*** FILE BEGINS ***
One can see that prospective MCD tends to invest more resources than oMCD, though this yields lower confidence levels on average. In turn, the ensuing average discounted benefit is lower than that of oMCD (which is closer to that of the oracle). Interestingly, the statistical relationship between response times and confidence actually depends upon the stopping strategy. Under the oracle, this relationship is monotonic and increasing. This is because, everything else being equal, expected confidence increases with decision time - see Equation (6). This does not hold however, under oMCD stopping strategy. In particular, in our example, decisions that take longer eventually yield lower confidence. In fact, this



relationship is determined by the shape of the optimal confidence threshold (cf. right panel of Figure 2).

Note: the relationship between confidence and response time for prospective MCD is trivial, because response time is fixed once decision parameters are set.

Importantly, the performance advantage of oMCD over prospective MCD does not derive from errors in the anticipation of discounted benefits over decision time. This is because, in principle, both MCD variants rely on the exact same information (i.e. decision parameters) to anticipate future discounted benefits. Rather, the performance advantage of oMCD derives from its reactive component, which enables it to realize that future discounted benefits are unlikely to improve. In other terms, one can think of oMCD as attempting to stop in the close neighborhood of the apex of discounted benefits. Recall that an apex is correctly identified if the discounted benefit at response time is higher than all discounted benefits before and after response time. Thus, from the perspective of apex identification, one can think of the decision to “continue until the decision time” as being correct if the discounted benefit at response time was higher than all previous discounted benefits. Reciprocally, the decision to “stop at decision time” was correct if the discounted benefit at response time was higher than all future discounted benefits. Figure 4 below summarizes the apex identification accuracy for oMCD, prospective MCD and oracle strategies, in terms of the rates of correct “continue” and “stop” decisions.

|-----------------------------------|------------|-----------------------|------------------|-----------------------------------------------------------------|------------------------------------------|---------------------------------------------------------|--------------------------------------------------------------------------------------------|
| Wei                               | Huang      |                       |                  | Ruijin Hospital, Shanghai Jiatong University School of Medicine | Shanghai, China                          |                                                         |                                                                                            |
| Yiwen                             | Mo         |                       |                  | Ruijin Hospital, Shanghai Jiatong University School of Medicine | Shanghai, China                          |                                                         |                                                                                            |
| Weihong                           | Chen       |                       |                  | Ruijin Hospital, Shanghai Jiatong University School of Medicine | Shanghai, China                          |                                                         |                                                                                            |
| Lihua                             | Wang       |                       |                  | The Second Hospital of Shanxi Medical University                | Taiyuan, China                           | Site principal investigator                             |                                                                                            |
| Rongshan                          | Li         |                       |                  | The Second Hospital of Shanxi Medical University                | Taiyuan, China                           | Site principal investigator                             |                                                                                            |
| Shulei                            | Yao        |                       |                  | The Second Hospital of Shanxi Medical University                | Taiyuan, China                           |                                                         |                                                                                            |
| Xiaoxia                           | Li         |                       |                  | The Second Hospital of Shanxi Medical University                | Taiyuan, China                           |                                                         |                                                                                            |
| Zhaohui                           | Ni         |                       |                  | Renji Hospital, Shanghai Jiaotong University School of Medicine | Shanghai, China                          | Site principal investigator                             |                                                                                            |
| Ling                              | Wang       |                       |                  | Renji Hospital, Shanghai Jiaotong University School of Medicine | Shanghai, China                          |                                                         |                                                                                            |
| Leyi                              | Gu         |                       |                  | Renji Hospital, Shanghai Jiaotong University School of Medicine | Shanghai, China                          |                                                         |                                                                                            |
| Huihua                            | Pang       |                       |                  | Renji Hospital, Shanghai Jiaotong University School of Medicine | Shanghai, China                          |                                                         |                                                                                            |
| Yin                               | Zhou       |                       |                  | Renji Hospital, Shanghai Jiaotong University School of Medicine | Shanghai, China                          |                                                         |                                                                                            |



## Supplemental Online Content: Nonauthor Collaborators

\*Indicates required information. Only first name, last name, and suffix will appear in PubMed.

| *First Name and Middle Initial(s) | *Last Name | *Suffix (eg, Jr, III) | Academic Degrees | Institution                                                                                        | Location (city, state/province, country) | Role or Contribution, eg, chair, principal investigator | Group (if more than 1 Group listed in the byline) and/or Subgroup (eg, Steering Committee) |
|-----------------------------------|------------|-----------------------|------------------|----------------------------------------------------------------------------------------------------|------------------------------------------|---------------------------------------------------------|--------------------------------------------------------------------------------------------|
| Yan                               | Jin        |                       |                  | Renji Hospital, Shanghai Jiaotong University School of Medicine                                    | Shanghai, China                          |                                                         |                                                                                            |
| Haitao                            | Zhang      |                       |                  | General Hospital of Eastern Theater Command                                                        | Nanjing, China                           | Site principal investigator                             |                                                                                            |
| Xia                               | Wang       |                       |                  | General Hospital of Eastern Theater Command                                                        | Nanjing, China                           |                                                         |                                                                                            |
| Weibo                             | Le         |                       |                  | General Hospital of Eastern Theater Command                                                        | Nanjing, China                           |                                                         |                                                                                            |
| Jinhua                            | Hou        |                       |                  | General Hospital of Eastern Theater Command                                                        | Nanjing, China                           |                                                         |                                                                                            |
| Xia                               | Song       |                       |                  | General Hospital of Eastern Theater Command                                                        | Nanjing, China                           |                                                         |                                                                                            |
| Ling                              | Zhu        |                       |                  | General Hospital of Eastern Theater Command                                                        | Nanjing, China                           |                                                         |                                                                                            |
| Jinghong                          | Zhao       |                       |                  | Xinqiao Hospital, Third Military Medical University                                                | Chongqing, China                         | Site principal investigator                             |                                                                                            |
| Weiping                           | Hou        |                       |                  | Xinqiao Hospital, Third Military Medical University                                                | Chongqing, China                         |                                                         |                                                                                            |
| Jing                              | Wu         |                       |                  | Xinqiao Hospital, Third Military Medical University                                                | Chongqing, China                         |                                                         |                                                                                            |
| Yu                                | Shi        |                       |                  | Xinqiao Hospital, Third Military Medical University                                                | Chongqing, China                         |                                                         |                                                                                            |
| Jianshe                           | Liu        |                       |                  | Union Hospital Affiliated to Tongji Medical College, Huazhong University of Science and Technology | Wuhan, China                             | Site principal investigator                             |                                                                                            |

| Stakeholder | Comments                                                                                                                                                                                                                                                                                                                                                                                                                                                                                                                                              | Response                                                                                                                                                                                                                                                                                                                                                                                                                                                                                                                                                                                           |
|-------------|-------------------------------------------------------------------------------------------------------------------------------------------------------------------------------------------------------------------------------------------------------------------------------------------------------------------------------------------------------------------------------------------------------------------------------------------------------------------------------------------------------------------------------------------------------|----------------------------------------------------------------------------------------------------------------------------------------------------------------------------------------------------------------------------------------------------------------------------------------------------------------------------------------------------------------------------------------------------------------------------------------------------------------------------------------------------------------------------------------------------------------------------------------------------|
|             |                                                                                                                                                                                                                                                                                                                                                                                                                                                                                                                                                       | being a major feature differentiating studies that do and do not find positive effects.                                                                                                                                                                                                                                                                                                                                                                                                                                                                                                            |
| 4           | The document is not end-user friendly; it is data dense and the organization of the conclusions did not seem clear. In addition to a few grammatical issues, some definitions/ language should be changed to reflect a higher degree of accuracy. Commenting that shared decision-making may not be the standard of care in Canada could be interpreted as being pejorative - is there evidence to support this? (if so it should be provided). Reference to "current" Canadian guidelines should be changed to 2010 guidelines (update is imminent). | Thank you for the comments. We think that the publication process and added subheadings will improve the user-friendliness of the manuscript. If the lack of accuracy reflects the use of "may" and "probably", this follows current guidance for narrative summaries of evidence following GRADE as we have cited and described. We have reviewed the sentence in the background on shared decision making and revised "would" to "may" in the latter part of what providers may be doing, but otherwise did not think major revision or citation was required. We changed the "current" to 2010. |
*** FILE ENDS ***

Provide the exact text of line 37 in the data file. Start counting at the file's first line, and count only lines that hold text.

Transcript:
| 4           | The document is not end-user friendly; it is data dense and the organization of the conclusions did not seem clear. In addition to a few grammatical issues, some definitions/ language should be changed to reflect a higher degree of accuracy. Commenting that shared decision-making may not be the standard of care in Canada could be interpreted as being pejorative - is there evidence to support this? (if so it should be provided). Reference to "current" Canadian guidelines should be changed to 2010 guidelines (update is imminent). | Thank you for the comments. We think that the publication process and added subheadings will improve the user-friendliness of the manuscript. If the lack of accuracy reflects the use of "may" and "probably", this follows current guidance for narrative summaries of evidence following GRADE as we have cited and described. We have reviewed the sentence in the background on shared decision making and revised "would" to "may" in the latter part of what providers may be doing, but otherwise did not think major revision or citation was required. We changed the "current" to 2010. |